If you find yourself between acting jobs struggling to stay motivated, take comfort that you're not alone. Every actor has gone through dreaded 'rest' periods, but they can offer great opportunities for personal and career growth if approached in the right way. Here are our top tips for making the most of your time off...
1. Stay creative
The creative part of your brain needs exercise like everything else, so keep it stimulated through writing, drawing, photography, music - whatever comes most naturally. Acting is a difficult discipline to practise in isolation, but there are plenty of other ways to keep those creative juices flowing.
2. See shows
See as much theatre as you can. Even if it involves watching productions you missed out on, or other actors you consider rivals, you will always learn something from watching them. And if you attend opening nights of friends' shows there is always the chance of some useful post-show networking too.
3. Meet people
Reach out to friends, have as many meet-ups as you can, go to parties. Anything to get you out there talking to people and sharing your experiences with them. Acting can be a lonely profession at times like this, but there are always others going through it too. And you might just end up discussing a project that could turn out to be your next break.
4. Learn new things
There are always new things to be learnt, from piano playing to horse riding. Embrace your new found time - or at least the time you have when not doing a 'normal' job - by fleshing out your CV (see below) with new skills. Who knows when they might come in handy?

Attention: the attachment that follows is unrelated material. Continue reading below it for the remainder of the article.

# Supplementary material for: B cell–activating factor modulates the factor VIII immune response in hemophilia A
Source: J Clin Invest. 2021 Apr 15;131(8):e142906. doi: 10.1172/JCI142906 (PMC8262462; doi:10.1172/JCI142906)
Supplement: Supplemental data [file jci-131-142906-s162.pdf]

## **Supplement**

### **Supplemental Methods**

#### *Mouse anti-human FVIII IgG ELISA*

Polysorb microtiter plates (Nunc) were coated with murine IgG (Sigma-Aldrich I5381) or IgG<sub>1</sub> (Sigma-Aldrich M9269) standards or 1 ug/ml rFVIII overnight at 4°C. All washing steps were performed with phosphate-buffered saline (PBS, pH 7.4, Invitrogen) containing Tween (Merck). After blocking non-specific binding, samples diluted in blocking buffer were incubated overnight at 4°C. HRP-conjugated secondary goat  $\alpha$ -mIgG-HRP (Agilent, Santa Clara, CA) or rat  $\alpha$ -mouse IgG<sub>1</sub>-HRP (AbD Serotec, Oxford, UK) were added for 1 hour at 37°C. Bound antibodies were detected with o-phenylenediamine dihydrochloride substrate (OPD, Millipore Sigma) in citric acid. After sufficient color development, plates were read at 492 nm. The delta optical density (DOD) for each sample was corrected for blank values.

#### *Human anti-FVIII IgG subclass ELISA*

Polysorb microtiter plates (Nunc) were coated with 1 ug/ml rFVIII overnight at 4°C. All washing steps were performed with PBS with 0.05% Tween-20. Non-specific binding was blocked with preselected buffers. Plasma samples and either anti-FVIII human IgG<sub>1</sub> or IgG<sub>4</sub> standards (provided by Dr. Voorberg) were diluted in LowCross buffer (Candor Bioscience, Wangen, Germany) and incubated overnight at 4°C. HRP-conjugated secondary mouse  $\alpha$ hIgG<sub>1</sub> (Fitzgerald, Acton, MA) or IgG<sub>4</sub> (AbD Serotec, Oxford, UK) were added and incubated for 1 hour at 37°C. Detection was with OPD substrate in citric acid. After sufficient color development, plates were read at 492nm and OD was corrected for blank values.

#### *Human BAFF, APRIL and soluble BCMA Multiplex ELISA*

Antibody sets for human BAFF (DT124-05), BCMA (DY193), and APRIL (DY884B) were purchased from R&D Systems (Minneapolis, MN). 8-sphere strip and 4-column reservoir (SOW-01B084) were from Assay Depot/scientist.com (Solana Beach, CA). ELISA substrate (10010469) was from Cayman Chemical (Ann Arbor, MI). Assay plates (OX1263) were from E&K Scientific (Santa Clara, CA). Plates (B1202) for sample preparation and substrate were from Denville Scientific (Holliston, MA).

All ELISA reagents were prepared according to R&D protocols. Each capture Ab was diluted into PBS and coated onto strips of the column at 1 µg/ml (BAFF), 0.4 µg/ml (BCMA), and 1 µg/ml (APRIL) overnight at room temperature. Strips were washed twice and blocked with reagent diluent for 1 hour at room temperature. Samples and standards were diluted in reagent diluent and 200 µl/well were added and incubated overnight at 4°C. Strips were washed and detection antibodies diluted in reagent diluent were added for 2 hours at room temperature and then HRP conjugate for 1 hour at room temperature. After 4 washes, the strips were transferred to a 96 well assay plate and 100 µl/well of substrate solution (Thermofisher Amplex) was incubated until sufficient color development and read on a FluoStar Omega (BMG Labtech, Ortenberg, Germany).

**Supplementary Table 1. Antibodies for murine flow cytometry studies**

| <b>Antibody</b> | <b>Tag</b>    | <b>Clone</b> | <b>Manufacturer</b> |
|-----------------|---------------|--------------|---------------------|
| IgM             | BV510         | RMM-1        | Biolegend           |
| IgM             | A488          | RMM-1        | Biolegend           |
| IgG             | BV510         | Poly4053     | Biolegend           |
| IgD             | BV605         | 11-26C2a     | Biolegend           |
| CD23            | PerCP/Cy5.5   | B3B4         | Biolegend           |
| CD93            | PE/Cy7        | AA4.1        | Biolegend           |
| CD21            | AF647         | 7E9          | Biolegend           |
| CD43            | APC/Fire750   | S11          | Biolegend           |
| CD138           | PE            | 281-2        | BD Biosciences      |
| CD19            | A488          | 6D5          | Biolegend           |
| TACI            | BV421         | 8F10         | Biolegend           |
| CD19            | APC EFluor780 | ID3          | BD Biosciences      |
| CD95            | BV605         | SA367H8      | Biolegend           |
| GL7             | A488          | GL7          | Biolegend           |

5. Stay positive
This can be tricky, we realise, but it really is important to retain a positive attitude when out of work. A negative outlook will lead to introspection and can even impact your odds of getting more work. If you find yourself getting gloomy, remind yourself this is only a temporary phase and further opportunities will come along soon.
6. Update your CV
This is a very important practical step. It's all-too easy to let your CV languish and then have to cobble something together in a hurry when it's required. Don't fall into this trap. Make it a monthly task to tidy your CV - and be sure to update any websites/social media profiles too (Curtain Call included!).
7. Edit your showreel
Out of date showreels can do more harm than good, so be sure to regularly re-edit. There are plenty of companies that will do this for a fee, or - following on from point number 4 - why not teach yourself iMovie and edit it yourself? It's a skill that will always come in handy.
8. Read scripts
As well as attending plays you should also read scripts. Not only will you gain fascinating insights into the work of writers you admire, but you might come across some excellent audition speeches too. Plus there are worse ways to spend an afternoon than browsing the National Theatre bookshop.
This is crucial, but often overlooked. The more active you are, the better you will feel and the better prepared you will be for that next job. Not only does physical fitness play an increasingly important role in casting decisions, it also makes you far less susceptible to injuries and exhaustion during a long run.
10. Join Curtain Call
Ok, slightly shameless plug alert, but this website really can boost your chances of getting that next job. We're the fastest-growing database of actors in the UK, and membership is currently FREE. So create your profile today and take advantage of a vast range of benefits. Click here to join Curtain Call for FREE now.
Other articles you might like:
Image: John Macmillan in rehearsals for The Homecoming. © Matt HumphreyBack to news